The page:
Thaïlande : la guerre dont on ne parle pas

LEEDS – L'ancien Premier ministre thaïlandais Chavalit Yongchaiyudh a déclenché récemment un flot de critiques lorsqu'il a proposé de résoudre politiquement la crise dans les provinces à majorité musulmane de l'extrême-sud du pays en leur accordant une forme d'autonomie. La parti démocrate au pouvoir en Thaïlande a immédiatement qualifié ses propos de trahison.

Mais l'évolution de la situation en Afghanistan après les élections dans ce pays montre l'inefficacité de la seule force militaire pour résoudre une guerre civile. C'est un précédent riche d'enseignements pour la Thaïlande et les autres pays en proie à des insurrections dont ils ne peuvent venir à bout. Ainsi qu'Aristote l'a formulé, "la politique est la reine des sciences au royaume de l'action".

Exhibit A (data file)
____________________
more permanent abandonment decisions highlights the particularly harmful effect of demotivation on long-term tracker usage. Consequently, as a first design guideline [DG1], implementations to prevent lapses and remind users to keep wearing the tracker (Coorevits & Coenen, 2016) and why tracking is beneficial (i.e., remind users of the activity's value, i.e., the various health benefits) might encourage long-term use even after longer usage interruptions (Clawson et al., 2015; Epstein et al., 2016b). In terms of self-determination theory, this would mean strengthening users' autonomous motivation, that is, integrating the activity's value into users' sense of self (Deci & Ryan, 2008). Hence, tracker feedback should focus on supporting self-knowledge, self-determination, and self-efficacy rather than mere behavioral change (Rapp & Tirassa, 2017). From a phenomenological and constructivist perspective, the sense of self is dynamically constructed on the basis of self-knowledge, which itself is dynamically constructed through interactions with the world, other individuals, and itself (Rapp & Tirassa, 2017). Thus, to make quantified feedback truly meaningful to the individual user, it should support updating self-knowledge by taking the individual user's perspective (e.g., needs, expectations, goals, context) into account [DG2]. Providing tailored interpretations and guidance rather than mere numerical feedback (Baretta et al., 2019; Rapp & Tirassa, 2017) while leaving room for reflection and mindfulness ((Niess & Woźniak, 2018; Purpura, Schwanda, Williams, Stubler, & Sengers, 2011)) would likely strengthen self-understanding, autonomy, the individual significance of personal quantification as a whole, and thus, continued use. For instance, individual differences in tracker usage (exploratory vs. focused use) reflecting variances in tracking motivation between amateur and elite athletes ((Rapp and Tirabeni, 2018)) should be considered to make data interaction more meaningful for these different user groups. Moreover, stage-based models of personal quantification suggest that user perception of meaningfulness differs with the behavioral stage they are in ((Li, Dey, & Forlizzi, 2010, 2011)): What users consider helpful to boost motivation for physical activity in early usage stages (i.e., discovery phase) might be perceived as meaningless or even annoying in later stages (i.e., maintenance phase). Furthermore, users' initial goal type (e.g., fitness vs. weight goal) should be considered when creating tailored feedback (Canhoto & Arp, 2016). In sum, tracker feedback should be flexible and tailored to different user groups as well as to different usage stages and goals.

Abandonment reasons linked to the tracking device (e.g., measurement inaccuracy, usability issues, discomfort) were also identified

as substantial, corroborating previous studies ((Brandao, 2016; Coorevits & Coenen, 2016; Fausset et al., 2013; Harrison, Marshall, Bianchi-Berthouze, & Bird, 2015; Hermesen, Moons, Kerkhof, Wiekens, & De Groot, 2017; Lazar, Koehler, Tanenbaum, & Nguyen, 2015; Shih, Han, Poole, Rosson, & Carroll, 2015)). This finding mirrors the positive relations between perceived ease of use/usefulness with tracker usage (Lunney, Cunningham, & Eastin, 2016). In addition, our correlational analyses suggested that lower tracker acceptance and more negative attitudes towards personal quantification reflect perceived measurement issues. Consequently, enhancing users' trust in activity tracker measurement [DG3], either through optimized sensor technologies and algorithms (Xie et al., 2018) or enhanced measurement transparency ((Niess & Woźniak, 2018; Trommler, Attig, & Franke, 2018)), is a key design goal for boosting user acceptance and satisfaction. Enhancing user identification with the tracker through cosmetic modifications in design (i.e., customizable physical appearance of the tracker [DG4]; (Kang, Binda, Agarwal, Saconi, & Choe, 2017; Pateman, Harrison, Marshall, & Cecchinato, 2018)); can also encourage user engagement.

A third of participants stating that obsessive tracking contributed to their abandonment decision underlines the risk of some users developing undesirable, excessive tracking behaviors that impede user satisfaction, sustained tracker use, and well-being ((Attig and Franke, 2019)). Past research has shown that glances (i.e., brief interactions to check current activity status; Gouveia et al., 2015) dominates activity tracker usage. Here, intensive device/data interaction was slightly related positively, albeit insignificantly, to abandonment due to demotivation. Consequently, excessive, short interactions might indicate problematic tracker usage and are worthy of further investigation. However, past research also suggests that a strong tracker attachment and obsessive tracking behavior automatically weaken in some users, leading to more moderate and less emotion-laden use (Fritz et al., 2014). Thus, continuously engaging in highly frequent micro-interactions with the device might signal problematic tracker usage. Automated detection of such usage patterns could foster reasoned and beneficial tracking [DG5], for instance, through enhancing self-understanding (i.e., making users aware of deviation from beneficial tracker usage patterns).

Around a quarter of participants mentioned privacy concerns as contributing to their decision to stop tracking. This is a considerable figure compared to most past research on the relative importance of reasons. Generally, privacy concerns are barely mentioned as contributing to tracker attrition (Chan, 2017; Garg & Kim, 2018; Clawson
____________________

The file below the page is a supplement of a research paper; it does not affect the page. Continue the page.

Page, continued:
En juin 2006, j'étais assis avec quelques jeunes gens dans un village de la province de Yala au sud de la Thaïlande. Ces jeunes d'apparence ordinaire avaient pris part à des événements peut ordinaire. Ils appartenaient au groupe d'activistes qui a attaqué une dizaine de check points militaires dans les trois provinces de l'extrême-sud thaïlandais le 28 avril 2004.

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